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Trial record 13 of 28 for:    multiple sclerosis | vitamin D

High Dose Oral Versus Intramuscular Vitamin D3 Supplementation In Multiple Sclerosis Patients

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ClinicalTrials.gov Identifier: NCT02696590
Recruitment Status : Completed
First Posted : March 2, 2016
Last Update Posted : March 2, 2016
Sponsor:
Information provided by (Responsible Party):
Leila Dehghani, Isfahan University of Medical Sciences

Brief Summary:
This study aimed to evaluate oral and injectable routes in treatment of hypovitaminosis D in multiple sclerosis (MS) patients. The investigators aimed to assess the efficacy of each method, using the same Mega dose of 600 000 IU D3, in achieving normal serum 25(OH)D level, the durability of the response, the practicality and the possible toxicity.

Condition or disease Intervention/treatment Phase
Relapsing Remitting Multiple Sclerosis Dietary Supplement: Vitamin D3 Not Applicable

Detailed Description:

Ultraviolet sunlight is too low to produce adequate amounts of vitamin D3, and vitamin D insufficiency lasting 4 to 6 months of the year at latitudes of ≥42° is common in individuals with low vitamin D intake. Vitamin D has strong immunoregulatory effects, and vitamin D supplementation prevents experimental autoimmune encephalomyelitis (EAE), an autoimmune disease in animals that is used as a model of MS.

Recently, emerging data from epidemiologic studies suggest that vitamin D may play an important role in the progression of the development of MS. A longitudinal study in pediatric MS showed a 34% lower risk of relapse for every 10 ng/ml higher 25-hydroxyvitamin D level. A similar magnitude of reduced relapse risk was later reported in an adult MS cohort. Higher vitamin D levels have also been shown to be associated with less subsequent inflammatory MS activity on brain magnetic resonance imaging (MRI). Finally, studies have demonstrated that patients have lower vitamin D levels during MS relapses.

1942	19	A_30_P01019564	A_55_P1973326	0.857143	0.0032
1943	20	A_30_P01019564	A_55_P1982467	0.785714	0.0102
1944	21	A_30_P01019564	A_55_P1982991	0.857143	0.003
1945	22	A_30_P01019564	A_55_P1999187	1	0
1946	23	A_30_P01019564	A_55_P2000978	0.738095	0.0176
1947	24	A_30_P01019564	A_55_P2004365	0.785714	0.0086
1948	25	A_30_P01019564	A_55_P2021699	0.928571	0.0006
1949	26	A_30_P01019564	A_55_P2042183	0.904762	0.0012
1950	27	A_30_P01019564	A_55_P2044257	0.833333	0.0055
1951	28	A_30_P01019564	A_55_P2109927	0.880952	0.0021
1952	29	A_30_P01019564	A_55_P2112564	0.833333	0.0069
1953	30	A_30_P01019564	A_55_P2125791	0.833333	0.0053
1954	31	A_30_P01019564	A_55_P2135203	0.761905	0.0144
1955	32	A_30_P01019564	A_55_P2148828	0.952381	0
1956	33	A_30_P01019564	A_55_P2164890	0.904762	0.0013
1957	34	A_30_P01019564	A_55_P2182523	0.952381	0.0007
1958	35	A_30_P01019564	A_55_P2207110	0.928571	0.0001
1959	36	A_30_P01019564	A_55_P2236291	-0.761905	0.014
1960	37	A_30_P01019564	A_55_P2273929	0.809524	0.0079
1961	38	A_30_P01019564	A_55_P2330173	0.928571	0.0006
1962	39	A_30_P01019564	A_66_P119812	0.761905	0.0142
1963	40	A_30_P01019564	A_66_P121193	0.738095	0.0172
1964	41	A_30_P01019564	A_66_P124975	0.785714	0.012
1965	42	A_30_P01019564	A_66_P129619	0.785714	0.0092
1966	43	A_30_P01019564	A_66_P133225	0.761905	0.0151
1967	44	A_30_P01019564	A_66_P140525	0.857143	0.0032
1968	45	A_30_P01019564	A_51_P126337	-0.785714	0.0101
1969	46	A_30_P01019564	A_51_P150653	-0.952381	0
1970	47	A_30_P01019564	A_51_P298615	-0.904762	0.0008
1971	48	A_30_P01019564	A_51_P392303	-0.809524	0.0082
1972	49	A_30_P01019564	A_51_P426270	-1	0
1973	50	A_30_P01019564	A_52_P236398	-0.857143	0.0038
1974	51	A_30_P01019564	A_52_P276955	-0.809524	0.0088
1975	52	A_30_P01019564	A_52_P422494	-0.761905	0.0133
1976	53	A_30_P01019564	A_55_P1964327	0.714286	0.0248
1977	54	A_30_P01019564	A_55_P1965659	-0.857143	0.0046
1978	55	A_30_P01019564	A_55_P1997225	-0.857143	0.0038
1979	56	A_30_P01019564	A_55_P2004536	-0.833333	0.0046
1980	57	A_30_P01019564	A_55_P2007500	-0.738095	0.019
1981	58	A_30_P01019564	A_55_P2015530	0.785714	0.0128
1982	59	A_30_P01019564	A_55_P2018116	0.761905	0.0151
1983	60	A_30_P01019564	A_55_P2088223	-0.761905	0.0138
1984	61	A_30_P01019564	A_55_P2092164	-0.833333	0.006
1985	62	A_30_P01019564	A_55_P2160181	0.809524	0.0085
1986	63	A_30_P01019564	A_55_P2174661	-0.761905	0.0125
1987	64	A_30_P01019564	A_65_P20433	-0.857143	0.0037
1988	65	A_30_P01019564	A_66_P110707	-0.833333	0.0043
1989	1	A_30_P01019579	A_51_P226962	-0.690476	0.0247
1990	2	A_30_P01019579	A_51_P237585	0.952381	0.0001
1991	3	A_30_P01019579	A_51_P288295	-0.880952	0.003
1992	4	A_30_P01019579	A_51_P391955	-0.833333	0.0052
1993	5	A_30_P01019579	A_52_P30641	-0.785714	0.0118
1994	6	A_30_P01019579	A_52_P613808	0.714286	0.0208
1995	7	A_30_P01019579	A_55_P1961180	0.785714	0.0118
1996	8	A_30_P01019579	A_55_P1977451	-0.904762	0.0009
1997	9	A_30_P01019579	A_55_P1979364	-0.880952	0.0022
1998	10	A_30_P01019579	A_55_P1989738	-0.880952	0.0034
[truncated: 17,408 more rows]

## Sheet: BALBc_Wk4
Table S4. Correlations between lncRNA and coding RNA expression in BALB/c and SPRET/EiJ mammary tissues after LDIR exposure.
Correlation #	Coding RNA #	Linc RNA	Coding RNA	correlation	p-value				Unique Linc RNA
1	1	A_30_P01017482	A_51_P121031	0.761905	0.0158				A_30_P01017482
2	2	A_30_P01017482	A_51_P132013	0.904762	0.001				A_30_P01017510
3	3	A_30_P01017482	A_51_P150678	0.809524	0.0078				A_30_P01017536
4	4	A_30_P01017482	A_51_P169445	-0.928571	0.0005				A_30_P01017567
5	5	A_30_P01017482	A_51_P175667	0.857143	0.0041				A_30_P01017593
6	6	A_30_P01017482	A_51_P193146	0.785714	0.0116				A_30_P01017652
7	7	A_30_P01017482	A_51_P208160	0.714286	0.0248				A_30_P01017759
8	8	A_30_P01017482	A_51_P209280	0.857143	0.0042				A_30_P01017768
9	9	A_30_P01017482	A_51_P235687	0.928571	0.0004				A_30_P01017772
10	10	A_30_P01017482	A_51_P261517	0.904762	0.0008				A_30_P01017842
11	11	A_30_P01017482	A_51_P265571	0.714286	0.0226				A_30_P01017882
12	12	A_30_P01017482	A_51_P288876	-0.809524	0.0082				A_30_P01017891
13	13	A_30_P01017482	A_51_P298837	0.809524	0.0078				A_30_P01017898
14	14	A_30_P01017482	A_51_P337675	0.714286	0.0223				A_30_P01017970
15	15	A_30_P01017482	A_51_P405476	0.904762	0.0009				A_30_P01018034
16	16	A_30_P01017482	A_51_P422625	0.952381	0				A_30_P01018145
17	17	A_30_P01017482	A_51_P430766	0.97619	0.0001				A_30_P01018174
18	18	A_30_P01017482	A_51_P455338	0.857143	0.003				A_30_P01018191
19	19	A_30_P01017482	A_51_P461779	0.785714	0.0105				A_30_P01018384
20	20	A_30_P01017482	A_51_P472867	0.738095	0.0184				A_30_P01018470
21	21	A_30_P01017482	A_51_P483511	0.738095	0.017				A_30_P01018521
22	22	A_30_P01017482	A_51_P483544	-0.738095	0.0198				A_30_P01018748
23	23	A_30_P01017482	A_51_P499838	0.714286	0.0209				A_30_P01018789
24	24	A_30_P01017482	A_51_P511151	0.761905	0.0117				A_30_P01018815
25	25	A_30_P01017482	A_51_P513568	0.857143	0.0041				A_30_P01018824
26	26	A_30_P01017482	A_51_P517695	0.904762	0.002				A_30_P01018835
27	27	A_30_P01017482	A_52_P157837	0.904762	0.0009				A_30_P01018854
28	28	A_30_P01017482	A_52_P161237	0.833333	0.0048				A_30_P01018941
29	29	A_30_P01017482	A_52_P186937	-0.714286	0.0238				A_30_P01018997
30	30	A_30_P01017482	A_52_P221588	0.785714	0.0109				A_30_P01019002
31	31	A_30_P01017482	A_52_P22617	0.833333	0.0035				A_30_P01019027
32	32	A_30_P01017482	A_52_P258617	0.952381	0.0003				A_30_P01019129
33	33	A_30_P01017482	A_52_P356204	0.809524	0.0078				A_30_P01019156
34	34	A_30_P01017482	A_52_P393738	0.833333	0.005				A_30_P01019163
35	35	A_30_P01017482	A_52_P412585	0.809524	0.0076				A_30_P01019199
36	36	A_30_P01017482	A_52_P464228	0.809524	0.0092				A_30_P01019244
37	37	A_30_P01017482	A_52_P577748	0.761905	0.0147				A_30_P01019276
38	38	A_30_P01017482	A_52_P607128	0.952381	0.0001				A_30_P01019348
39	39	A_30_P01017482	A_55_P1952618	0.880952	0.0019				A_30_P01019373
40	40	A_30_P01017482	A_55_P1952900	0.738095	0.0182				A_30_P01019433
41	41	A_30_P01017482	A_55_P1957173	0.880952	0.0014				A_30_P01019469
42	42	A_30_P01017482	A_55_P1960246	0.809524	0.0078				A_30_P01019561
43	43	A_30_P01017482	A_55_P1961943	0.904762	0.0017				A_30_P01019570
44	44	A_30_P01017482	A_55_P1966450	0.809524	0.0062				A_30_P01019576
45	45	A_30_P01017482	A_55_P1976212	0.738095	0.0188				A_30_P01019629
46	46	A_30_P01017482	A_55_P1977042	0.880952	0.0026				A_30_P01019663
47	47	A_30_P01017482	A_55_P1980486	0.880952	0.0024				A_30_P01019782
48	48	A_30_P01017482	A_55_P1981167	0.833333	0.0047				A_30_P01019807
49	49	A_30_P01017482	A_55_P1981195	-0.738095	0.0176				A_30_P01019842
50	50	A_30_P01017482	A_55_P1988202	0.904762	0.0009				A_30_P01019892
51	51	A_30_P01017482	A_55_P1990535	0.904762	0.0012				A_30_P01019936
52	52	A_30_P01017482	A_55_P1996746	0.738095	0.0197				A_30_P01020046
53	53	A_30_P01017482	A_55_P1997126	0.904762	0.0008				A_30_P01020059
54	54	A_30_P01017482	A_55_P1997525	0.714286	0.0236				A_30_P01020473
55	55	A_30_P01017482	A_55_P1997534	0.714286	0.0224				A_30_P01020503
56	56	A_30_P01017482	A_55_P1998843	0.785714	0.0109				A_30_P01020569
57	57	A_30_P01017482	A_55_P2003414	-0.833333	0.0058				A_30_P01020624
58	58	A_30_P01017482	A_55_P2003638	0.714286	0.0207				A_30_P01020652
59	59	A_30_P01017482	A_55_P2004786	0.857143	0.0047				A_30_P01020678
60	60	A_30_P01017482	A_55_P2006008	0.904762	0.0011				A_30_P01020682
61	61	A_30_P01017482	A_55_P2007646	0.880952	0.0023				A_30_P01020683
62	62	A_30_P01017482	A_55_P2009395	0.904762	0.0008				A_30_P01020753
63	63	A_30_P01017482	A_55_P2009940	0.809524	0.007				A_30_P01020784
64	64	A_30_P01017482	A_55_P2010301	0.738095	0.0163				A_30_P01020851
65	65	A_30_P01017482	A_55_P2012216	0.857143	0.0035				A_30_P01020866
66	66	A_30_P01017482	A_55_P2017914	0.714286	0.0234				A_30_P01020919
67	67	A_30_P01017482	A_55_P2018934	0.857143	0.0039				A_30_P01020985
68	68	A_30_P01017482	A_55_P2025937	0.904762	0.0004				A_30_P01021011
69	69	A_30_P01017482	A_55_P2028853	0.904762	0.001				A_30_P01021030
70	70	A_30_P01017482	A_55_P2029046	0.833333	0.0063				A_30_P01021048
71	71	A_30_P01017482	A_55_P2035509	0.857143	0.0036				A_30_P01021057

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Study Type : Interventional  (Clinical Trial)
Actual Enrollment : 200 participants
Allocation: Randomized
Intervention Model: Parallel Assignment
Masking: None (Open Label)
Primary Purpose: Treatment
Official Title: Isfahan University of Medical Sciences
Study Start Date : July 2015
Actual Primary Completion Date : November 2015
Actual Study Completion Date : December 2015

Resource links provided by the National Library of Medicine


Arm Intervention/treatment
Experimental: MS patients injectable Vitamin D3
MS patients who received injectable form of Vitamin D3, received 600.000 IU Intramuscular vitamin D3 injection, in two weeks; 300.000 IU at the study entry and 300.000 IU in second week
Dietary Supplement: Vitamin D3
two forms of vitamin D3 (Oral versus injection) were compared in MS and healthy groups.
Other Name: cholecalciferol

Experimental: MS patients orally Vitamin D3
received the same total dose of 600 000 IU D3 in two weeks, in the form of twelve pearls, each containing 50 000 IU D3 as follows: the first pearl was delivered at study entry, followed by one pearl each day for another 11 Days.
Dietary Supplement: Vitamin D3
two forms of vitamin D3 (Oral versus injection) were compared in MS and healthy groups.
Other Name: cholecalciferol